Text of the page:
A throw-away society warms to new products made from recycled and repurposed materials.
Courtesy of Leber Media Group
I remember that when I was a kid, my dad was the master of fixing things. He had his work cut out for him. From tiny radio wires that needed soldering to roof shingles that seemed perennially to have seen better days, there was a lot breaking and wearing out around our house.
He kept his arsenal of spare parts in a room in the basement. Jars of various sizes of washers and screws were labeled and carefully inventoried on handmade Lazy Susan-type storage systems. These involved used instant coffee jars nailed to a piece of wood. Tools of every sort were carefully stowed on neat hooks made of old horseshoes.
Need a bookshelf? My dad could lash one together in 20 minutes using the wood from a shed he’d torn down the year before. The results were usually far more interesting and stylish than pieces you could ever find in a store.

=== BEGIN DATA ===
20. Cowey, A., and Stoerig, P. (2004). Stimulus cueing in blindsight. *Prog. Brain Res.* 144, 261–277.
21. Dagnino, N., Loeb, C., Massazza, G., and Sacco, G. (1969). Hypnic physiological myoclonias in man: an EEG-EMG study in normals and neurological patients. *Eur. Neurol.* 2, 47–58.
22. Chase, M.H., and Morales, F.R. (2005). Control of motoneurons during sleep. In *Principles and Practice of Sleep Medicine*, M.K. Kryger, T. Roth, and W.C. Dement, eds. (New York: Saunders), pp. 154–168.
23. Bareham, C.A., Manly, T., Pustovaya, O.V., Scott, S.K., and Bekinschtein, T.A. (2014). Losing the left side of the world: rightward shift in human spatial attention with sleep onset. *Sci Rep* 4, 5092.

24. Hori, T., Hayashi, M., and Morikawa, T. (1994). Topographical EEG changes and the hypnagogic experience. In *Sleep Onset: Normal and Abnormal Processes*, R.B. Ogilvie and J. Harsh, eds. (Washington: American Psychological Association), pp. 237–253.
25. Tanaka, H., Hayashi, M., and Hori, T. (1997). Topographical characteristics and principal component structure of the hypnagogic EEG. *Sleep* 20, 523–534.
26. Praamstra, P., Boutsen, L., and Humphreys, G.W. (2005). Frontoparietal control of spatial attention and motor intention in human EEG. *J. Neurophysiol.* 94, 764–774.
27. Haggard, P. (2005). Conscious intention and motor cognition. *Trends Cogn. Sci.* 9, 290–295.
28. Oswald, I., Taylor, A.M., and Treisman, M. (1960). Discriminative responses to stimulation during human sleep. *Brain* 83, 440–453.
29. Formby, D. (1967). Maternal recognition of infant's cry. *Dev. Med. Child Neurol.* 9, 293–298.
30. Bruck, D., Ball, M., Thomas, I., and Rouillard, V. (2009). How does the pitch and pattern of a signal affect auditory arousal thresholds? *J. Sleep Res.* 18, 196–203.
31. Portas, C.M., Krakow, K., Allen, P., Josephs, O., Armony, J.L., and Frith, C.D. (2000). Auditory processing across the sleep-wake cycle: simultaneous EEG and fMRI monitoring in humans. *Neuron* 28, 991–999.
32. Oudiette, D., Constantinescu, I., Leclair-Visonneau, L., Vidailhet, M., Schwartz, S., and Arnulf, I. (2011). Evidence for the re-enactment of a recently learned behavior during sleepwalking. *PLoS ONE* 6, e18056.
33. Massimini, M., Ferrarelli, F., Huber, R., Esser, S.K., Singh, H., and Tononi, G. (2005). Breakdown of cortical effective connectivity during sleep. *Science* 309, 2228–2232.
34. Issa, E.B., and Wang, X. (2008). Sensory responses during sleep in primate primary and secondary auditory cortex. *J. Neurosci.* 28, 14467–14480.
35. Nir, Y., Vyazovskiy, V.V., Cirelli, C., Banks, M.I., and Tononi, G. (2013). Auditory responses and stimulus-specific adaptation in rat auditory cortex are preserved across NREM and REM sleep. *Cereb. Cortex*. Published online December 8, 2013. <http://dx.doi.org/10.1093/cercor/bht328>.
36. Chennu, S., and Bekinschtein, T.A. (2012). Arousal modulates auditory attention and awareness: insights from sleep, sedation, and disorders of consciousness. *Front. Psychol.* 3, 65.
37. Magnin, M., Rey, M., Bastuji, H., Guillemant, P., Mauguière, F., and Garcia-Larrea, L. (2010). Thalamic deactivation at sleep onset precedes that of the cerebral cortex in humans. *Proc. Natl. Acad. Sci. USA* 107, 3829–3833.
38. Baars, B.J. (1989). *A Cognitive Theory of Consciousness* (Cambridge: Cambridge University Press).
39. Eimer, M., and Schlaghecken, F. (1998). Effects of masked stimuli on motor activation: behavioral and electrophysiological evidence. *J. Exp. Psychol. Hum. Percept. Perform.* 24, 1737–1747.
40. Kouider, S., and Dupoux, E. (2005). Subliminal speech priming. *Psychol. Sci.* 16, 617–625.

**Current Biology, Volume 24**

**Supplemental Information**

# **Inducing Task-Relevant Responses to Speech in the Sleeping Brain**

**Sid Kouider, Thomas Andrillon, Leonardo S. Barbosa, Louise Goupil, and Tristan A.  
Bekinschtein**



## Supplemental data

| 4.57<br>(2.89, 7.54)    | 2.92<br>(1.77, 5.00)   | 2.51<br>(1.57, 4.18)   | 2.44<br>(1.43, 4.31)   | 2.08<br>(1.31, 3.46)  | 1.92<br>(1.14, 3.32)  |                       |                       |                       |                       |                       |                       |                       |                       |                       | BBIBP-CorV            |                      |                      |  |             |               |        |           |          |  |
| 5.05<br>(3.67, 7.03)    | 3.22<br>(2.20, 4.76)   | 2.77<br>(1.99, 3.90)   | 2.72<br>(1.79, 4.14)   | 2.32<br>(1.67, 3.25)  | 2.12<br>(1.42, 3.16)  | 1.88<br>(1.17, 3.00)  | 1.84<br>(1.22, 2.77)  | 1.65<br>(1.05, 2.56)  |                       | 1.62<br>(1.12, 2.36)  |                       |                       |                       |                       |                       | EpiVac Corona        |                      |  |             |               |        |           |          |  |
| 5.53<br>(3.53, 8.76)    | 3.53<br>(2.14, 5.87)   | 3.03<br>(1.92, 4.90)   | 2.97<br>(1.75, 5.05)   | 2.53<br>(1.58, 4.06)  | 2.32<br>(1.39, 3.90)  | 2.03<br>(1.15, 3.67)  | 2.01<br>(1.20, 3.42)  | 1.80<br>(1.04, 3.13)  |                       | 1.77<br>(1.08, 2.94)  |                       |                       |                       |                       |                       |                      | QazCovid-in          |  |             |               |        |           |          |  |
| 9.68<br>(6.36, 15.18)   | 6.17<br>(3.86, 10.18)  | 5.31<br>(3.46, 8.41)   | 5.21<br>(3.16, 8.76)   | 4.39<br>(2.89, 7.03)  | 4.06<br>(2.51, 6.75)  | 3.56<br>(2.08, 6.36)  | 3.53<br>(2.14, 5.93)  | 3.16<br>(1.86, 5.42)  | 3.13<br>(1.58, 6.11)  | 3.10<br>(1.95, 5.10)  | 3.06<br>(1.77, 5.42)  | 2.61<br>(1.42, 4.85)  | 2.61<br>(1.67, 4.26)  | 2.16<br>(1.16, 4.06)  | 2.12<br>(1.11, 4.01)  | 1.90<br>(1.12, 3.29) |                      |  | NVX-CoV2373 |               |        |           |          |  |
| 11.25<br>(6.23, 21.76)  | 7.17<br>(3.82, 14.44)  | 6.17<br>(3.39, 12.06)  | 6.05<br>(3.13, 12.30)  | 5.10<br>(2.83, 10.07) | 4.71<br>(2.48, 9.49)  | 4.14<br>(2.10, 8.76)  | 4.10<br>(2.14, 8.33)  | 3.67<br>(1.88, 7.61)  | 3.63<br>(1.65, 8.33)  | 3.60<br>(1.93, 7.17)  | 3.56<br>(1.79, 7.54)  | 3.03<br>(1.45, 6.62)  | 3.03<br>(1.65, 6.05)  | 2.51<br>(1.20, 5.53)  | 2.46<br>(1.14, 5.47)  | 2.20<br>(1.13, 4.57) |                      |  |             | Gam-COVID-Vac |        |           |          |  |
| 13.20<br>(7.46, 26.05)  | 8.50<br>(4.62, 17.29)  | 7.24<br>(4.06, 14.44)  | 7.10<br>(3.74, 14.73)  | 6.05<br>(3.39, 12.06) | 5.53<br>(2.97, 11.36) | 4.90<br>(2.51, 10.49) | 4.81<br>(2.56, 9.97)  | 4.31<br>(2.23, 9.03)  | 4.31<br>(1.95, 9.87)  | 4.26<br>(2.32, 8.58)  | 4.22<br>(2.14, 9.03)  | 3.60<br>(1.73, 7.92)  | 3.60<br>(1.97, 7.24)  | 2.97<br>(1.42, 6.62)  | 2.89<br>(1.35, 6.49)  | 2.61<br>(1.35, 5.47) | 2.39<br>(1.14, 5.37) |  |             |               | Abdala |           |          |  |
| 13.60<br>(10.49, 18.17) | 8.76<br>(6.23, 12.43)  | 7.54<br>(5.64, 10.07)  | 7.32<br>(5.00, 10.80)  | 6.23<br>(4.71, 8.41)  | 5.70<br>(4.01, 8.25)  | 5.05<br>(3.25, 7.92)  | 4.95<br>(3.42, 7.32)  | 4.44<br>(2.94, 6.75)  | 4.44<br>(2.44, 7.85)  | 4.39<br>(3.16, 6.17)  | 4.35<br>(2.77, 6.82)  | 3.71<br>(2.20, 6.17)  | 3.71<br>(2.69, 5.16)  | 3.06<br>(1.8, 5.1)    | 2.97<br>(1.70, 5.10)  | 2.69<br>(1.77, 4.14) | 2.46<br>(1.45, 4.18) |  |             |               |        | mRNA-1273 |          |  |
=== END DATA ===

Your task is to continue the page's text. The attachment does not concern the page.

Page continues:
The notion of trashing a used nail (they can be unbent with a little careful hammering, you know) or a broken rake was novel to him. Stupid even. He’d come through the Depression and three wars, after all – things just weren’t thrown away in his day.
Come to think of it, my dad and people of his era were eco-friendly and green long before it was a necessary movement. It was simply good, old-fashioned horse sense.
Of course, the notion of fixing a transistor radio – or even a telephone – back in those days was a doable option.
Not too long ago, I was standing in a cellphone store waiting patiently for my moment to buy the newest item. The man in front of me had a serious problem, and was drawing the ire of both customers and staff. He’d tried to fix a bug in his phone and inadvertently destroyed it.
The cellphone people smirked and sighed – which is understandable on one level, but also serves to demonstrate that the “fixers” of my dad’s day are not only an eccentric notion now, they can be an annoyance. Why try to fix what could so easily be replaced?